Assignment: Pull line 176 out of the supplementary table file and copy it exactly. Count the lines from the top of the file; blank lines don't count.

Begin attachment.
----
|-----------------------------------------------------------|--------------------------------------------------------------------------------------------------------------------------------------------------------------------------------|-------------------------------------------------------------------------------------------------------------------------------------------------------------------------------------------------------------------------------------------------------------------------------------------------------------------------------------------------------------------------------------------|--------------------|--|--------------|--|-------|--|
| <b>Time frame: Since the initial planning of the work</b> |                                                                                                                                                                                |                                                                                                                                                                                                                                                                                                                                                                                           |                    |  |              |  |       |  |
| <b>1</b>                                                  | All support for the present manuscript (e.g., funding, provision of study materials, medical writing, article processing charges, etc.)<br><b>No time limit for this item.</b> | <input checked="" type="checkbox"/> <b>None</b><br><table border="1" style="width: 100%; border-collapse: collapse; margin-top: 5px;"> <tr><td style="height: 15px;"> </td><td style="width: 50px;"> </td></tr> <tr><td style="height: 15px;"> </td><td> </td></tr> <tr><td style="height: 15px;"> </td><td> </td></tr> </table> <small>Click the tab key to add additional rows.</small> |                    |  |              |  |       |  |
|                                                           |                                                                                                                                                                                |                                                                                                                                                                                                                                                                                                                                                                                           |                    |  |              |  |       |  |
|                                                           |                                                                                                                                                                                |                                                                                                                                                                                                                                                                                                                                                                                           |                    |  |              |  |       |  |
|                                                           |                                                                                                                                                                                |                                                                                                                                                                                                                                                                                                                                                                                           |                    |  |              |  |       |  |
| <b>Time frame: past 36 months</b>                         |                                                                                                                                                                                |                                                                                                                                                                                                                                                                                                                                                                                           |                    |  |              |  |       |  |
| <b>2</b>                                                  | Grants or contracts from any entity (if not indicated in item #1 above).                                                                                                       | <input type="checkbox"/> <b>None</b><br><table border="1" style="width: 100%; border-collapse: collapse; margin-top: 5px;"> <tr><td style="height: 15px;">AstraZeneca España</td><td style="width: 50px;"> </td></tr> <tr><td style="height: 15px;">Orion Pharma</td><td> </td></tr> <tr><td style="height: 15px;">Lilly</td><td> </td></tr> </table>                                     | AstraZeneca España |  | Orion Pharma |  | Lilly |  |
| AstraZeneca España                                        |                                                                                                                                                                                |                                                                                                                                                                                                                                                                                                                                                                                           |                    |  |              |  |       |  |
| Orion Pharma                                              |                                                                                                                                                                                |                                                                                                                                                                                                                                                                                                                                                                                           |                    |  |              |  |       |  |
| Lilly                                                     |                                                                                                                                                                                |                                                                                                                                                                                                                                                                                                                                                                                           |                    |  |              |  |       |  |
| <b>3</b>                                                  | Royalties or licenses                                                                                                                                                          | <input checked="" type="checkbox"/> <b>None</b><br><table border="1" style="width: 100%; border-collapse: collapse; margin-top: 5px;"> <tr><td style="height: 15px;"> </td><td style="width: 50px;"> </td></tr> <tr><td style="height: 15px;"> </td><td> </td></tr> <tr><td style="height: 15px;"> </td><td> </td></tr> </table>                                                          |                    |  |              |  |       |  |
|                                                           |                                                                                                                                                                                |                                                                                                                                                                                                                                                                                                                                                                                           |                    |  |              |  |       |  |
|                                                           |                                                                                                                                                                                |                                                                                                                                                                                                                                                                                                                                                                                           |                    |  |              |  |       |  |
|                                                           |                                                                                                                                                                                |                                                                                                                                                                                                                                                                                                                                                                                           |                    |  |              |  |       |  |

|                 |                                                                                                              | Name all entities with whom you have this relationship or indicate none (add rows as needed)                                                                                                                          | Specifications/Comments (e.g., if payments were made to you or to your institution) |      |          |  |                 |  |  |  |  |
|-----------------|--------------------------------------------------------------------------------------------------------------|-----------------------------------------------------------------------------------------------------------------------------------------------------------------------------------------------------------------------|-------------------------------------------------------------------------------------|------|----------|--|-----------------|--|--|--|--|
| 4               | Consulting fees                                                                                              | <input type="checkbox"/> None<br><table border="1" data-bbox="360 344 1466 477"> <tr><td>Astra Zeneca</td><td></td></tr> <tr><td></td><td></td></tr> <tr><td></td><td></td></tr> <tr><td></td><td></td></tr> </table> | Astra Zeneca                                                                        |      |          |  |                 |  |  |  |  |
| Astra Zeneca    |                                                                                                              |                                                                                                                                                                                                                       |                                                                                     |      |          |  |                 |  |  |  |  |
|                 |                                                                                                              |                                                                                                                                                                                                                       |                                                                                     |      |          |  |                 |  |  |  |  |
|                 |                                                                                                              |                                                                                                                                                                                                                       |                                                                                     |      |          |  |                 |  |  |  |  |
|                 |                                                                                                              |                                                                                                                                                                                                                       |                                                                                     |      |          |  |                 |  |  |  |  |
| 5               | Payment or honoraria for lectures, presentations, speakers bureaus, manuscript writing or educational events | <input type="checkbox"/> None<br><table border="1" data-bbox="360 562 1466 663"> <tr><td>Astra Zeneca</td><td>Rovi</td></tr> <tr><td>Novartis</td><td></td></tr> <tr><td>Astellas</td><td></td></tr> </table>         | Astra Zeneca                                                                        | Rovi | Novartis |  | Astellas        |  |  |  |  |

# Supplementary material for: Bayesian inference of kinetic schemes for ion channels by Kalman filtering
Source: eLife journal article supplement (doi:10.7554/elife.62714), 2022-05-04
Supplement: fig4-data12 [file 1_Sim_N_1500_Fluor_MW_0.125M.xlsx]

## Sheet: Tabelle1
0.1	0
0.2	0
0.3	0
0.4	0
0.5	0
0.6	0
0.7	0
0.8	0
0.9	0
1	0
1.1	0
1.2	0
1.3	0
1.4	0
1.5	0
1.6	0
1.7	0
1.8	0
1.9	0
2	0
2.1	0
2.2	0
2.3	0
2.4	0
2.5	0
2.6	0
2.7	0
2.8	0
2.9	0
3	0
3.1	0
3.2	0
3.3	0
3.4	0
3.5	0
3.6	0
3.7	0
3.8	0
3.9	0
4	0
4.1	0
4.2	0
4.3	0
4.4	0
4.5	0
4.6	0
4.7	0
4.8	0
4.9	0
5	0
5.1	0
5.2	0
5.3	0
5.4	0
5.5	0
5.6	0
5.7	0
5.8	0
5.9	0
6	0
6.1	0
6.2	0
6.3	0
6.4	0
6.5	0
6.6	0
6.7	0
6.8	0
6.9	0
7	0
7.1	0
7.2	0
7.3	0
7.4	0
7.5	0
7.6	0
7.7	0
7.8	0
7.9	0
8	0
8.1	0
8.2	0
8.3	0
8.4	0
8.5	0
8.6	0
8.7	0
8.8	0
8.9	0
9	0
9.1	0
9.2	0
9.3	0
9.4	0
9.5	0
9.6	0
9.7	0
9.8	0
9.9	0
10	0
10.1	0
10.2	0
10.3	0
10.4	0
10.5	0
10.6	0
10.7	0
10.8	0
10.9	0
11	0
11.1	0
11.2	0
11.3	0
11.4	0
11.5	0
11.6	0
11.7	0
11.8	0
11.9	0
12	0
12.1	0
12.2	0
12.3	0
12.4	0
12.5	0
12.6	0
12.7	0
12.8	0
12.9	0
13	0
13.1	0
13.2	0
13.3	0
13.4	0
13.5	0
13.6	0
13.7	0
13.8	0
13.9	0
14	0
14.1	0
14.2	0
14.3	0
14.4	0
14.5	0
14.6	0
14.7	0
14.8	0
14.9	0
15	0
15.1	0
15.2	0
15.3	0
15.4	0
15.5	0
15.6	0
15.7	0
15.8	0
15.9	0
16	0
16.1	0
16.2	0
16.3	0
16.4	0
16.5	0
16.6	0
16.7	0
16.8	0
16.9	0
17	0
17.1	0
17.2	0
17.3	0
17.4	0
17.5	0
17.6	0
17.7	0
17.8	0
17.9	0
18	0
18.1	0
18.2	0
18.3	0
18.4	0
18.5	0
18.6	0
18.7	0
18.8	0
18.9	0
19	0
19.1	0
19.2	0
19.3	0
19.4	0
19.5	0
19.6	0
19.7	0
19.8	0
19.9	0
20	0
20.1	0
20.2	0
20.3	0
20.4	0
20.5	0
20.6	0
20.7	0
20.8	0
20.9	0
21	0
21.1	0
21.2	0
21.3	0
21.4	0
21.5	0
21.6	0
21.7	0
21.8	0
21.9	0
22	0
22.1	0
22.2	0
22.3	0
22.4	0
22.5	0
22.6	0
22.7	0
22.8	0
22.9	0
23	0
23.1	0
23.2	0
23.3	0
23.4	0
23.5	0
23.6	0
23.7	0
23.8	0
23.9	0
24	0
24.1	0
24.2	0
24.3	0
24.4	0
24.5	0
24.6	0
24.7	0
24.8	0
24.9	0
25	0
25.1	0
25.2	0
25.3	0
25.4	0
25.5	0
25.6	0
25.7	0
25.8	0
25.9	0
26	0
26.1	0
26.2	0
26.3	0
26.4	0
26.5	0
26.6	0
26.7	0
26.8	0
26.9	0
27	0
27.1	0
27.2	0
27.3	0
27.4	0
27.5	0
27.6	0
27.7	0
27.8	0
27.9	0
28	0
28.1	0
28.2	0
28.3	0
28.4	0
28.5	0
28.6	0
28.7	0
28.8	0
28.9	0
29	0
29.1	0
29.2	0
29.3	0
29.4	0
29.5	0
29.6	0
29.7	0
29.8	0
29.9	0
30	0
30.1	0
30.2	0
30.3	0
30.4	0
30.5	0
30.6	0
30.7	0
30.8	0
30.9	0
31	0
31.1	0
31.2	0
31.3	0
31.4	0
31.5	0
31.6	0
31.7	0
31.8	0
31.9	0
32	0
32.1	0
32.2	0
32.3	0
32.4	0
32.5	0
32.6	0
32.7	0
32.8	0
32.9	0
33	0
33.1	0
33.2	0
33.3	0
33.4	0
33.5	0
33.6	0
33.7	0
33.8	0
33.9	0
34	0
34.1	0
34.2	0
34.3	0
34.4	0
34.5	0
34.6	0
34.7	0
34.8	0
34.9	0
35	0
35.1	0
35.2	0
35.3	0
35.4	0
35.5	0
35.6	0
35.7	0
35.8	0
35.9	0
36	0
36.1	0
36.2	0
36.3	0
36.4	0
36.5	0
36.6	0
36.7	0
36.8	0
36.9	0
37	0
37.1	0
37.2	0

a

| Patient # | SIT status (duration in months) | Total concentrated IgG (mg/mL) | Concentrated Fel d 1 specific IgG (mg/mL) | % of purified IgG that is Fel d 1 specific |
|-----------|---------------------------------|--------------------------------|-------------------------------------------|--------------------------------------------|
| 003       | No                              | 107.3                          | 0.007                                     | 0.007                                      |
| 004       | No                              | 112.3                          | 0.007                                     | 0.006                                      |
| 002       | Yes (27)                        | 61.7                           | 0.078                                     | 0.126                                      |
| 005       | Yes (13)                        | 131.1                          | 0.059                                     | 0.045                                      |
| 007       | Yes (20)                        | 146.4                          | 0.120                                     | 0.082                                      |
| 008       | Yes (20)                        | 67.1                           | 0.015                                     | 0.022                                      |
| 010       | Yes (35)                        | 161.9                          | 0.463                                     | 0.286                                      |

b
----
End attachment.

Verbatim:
14.9	0